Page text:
Dividends are a portion of company earnings regularly paid to shareholders, paid as some fixed amount per share price.
Describe the process of issuing a dividend
- Dividends are periodical payments a corporation can choose to issue to its shareholders, with the amount of payment to each shareholder commensurate with their number of shares. They may be paid as cash, additional stock, or property.
- Dividends may also be categorized as common stock or preferred dividends; preferred stock owners get their dividends paid in full first, before any common stock dividends are distributed.
- Ratios using dividend value, such as dividends per share (DPS), dividend yield, and payout ratio have historically been used as indicators of a stock’s investment strength and the company’s overall performance, though their usefulness has been contested.
- dividend: A pro rata payment of money by a company to its shareholders, usually made periodically (e.g., quarterly or annually).
- dividend yield: A company’s total annual dividend payment per share, divided by its price per share.
- dividends per share: The amount shareholders earn per share.
Dividends are payments made by a corporation to its shareholder members on a regular (usually quarterly) basis–these are essentially the shareholder’s portion of a company’s profits. A dividend is allocated as a fixed amount per share. Therefore, a shareholder receives a dividend in proportion to their shareholding; owning more shares results in greater dividends for the shareholder. When it is time to make dividend payments, corporations always pay preferred stock owners first, and then common stock dividends are allocated after all preferred dividends are paid in full. In the United States, dividends are usually declared quarterly by the corporation’s board of directors.
Dividends per share (DPS) refers to the dollar amount shareholders earn for each share, calculated by dividing total dividend amount by total number of shares outstanding. Dividend yield refers the ratio between dividends per share and the market price of each share, and it is expressed in terms of percentage. Payout ratio is calculated by dividing the company’s dividend by the earnings per share. A payout ratio greater than 1 means the company is paying out more in dividends for the year than it earned, while a low payout ratio indicates that the company is retaining a greater proportion of their earnings instead of paying out dividends. These ratios have historically been used as indicators of a stock’s investment strength and the company’s overall performance.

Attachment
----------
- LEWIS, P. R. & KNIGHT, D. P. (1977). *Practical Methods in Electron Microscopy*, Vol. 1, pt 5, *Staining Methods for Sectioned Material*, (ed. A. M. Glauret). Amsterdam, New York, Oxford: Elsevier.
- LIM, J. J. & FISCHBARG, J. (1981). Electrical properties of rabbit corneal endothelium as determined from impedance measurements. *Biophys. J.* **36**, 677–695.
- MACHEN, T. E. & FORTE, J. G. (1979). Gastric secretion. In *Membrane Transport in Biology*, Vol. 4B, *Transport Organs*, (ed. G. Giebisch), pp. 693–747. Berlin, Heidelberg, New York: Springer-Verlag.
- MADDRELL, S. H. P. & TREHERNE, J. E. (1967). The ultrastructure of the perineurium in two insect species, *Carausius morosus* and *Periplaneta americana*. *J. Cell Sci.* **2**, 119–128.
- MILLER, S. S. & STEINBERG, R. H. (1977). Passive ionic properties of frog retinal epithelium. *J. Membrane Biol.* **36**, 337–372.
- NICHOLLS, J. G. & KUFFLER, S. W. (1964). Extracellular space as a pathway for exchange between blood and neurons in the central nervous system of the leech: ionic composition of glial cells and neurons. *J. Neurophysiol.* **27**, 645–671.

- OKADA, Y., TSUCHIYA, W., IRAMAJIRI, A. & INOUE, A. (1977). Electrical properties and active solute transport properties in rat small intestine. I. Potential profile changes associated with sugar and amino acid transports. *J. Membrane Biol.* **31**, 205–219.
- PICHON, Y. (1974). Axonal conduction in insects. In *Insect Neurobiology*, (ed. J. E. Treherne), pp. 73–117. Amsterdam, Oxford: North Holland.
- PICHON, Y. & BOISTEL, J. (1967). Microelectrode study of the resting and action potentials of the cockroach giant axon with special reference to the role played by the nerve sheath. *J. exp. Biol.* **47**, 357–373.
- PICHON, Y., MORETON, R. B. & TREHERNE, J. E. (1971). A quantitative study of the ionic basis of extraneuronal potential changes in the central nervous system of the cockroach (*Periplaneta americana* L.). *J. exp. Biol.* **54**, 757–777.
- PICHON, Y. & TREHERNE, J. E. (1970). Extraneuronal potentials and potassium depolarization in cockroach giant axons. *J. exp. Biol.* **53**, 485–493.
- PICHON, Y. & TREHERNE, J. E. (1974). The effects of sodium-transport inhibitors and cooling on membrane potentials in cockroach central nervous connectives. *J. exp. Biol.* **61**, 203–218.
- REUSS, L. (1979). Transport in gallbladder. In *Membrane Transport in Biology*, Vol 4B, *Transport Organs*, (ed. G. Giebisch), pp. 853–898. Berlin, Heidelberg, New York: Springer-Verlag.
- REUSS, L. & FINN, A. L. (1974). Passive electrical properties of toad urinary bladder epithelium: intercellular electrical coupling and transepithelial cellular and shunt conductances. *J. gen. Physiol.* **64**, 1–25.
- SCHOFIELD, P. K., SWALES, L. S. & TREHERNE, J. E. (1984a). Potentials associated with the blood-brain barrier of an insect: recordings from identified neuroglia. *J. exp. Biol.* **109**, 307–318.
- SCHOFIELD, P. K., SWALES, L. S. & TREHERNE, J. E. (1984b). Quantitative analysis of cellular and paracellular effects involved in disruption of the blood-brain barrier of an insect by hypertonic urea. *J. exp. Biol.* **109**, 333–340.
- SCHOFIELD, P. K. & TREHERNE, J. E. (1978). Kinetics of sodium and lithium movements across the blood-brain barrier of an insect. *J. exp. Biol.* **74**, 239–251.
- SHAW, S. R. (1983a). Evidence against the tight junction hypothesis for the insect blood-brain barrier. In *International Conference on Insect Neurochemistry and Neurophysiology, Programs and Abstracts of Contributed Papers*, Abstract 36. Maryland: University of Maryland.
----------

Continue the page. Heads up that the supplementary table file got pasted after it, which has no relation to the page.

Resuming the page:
Dividends may be allocated in different forms of payment, outlined below: Cash dividends are the most common. As the name suggests, these are paid out as currency via electronic funds transfer or a printed paper check. For each share owned, a declared amount of money is distributed. Thus, if a person owns 1000 shares and the cash dividend is USD 0.90 per share, the holder of the stock will be paid USD 900.Stock dividends (also known as scrips) are payments in the form of additional stock shares of the company itself or one of its subsidiaries, as the name suggests. This may be a more palatable option for companies who would prefer to use its earnings towards growth of the company, rather than diverting them into cash dividends for shareholders. Property dividends or dividends in specie (Latin for “in kind”) are those paid out in the form of assets from the issuing corporation or another corporation, such as a subsidiary corporation. They are relatively rare and can take the form of securities of other companies owned by the issuer, or products and services. Companies may also offer reinvestment plans where shareholders can automatically reinvest dividends into more stock.
For public companies, there are six important dates to remember regarding dividends:
- Declaration date is the day the board of directors announces its intention to pay a dividend. On this day, a liability is created and the company records that liability on its books; it now owes the money to the stockholders. The board will also announce a date of record and a payment date.
- In-dividend date is the last day, which is one trading day before the ex-dividend date, where the stock is said to be cum dividend (‘with [including] dividend’). In other words, existing holders of the stock and anyone who buys it on this day will receive the dividend, whereas any holders selling the stock lose their right to the dividend. After this date the stock becomes ex-dividend.
- Ex-dividend date (typically two trading days before the record date for U.S. securities) is the day on which all shares bought and sold no longer come attached with the right to be paid the most recently declared dividend. This is an important date for any company that has many stockholders, including those that trade on exchanges, as it makes reconciliation of who is to be paid the dividend easier. Existing holders of the stock will receive the dividend even if they now sell the stock, whereas anyone who now buys the stock will not receive the dividend. It is relatively common for a stock’s price to decrease on the ex-dividend date by an amount roughly equal to the dividend paid. This reflects the decrease in the company’s assets resulting from the declaration of the dividend. The company does not take any explicit action to adjust its stock price; in an efficient market, buyers and sellers will automatically price this in.